I’m exploring creating an online-community library, to enable users to easily share patches. The concept is that the editor/librarian would have an off-line library, much like it does today and a shared online library. Users could publish patches to the online library, audition them and decide to import any of them into their local library.

The Editors are available for Windows 10 and macOS:

And your readers can see each of the editors in action at YouTube:

OK – enough with the project questions, what type of guitar / pedalboard setup do you have?

I’ve got a  number of guitars my primary guitars are a Fender Custom Shop Stratocaster, and a Gibson R9 Les Paul.  My amp is a Mesa Boogie Mark V (90W), with one open-back and one closed-back cab.

My primary pedalboard starts with a Kirk Hammett Cry Baby Wah, polytune, MXR Custom Comp compressor, a Leeds Fuzz – BYOC kit version of a Univox SuperFuzz, a Line6 M5, and a Strymon Mobius.  I have a Strymon Timeline and a BossRC-3 Loop Station in the effects loop of the Boogie. There is also an EHX SuperEgo on the board – but it’s not connected at the moment.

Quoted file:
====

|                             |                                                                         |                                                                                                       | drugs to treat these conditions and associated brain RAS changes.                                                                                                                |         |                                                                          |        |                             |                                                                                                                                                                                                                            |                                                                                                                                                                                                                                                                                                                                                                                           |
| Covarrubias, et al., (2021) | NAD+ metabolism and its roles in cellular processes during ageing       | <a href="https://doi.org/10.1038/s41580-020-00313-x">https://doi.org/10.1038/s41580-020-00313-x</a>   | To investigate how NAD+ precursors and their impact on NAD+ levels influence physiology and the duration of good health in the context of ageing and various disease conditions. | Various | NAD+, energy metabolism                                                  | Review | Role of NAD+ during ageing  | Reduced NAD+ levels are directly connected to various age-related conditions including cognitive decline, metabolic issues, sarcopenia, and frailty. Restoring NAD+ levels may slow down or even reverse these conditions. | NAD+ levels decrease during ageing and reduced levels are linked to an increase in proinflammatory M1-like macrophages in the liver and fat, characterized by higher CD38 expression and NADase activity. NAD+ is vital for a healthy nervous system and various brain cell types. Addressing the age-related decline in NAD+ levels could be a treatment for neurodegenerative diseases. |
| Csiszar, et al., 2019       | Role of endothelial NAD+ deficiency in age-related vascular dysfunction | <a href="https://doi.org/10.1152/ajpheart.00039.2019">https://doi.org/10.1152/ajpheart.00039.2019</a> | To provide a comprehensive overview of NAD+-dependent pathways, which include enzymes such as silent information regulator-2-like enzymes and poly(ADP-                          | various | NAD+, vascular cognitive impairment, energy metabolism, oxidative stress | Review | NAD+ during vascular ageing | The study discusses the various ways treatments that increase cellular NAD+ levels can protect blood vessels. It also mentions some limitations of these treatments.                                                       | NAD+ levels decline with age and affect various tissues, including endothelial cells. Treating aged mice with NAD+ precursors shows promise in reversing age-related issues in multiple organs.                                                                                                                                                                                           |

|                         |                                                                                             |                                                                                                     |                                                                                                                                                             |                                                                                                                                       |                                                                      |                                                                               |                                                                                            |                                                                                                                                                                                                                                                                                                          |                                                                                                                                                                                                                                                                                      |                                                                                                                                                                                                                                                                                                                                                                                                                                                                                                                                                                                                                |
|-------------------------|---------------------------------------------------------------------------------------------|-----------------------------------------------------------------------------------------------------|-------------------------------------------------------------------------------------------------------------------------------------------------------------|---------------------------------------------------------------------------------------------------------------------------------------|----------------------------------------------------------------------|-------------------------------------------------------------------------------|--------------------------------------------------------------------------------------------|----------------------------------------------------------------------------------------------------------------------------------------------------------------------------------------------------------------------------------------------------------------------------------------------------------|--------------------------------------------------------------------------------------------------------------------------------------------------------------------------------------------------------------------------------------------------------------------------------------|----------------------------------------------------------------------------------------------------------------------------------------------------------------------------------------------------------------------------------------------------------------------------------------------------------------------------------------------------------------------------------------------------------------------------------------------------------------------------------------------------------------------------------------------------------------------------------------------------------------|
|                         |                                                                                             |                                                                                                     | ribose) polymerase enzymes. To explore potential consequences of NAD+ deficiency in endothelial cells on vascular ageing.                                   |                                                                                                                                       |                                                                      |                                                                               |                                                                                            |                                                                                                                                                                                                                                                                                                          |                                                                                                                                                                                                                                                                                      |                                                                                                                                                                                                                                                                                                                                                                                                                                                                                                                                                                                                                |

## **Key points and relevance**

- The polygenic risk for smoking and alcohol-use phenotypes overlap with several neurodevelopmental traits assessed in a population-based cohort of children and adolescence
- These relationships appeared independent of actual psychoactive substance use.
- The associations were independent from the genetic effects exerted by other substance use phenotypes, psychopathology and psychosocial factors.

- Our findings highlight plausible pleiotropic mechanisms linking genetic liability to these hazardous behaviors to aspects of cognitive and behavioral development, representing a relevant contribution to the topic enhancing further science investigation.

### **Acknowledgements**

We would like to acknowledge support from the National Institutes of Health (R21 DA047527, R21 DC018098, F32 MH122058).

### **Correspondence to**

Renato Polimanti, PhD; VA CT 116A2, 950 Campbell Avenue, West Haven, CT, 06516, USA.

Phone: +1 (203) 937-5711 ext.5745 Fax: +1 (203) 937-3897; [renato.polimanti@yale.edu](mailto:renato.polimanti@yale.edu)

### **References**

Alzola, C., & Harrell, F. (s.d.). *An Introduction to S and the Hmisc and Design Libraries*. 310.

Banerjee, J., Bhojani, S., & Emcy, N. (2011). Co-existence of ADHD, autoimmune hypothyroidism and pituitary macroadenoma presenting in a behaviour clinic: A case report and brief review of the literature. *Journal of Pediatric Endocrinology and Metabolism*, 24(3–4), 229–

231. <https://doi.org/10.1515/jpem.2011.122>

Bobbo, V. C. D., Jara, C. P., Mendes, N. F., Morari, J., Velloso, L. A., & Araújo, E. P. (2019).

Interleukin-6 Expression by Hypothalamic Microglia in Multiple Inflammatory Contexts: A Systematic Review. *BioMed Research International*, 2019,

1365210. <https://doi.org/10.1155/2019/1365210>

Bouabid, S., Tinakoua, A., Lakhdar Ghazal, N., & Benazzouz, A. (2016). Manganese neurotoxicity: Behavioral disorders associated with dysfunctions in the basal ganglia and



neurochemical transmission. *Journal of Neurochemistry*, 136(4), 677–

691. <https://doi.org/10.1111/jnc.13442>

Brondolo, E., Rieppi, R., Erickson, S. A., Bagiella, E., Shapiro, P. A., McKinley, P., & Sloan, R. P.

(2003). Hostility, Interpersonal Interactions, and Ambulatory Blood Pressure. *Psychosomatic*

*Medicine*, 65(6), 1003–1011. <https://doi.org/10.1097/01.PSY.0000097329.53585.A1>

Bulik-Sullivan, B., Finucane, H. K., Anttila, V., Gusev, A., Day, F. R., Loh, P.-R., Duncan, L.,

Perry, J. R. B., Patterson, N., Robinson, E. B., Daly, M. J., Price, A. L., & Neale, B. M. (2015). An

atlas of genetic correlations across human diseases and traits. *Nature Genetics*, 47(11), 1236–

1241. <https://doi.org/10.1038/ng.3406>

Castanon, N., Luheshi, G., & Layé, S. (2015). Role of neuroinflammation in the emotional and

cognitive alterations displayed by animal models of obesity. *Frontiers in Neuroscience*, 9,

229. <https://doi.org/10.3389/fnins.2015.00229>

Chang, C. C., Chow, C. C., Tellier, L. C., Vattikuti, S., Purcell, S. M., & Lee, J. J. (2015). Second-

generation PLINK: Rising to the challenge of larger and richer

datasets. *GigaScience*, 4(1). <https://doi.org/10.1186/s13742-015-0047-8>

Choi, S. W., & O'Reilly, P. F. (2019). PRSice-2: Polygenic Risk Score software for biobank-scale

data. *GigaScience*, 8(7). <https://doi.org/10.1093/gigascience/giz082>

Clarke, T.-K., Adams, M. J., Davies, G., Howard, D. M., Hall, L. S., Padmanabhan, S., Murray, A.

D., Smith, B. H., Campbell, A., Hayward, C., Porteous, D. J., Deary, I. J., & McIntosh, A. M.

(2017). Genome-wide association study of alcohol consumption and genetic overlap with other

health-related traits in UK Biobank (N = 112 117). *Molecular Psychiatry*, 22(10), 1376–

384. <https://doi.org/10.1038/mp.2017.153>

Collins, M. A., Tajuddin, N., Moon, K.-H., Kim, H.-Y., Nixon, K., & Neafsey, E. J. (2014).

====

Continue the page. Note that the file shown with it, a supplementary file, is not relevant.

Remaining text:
I have another mess of effects on my desk, at the moment this includes a trio of Meris Pedals.  The Enzo into the the Polymoon into a Mercury7 into a Boss SY-300. These run into a pair of QSC CP8 powered speakers.  Those Meris pedals are amazing in stereo. On the floor I have a KMI softstep MIDI controller and an expression pedal. These pedals are also connected to the Meris MIDI I/O and connected to a computer – so I can easily save a store settings using the editors.

Final Thoughts

This type of project always interests me probably due to the fact that I’m always kind of enamored with the idea of taking action when nobody else is. If you’ve got a Meris pedal you’d like to unlock a bit, it might be worth checking out Elliot’s creation. If you’ve got questions hit him up on GitHub or find his posts across most of the forums that you probably frequent if you’re reading this website.

Keep an eye out for updates of this, and the inevitable moment when it’s absorbed into official Meris support. (You read it here first!)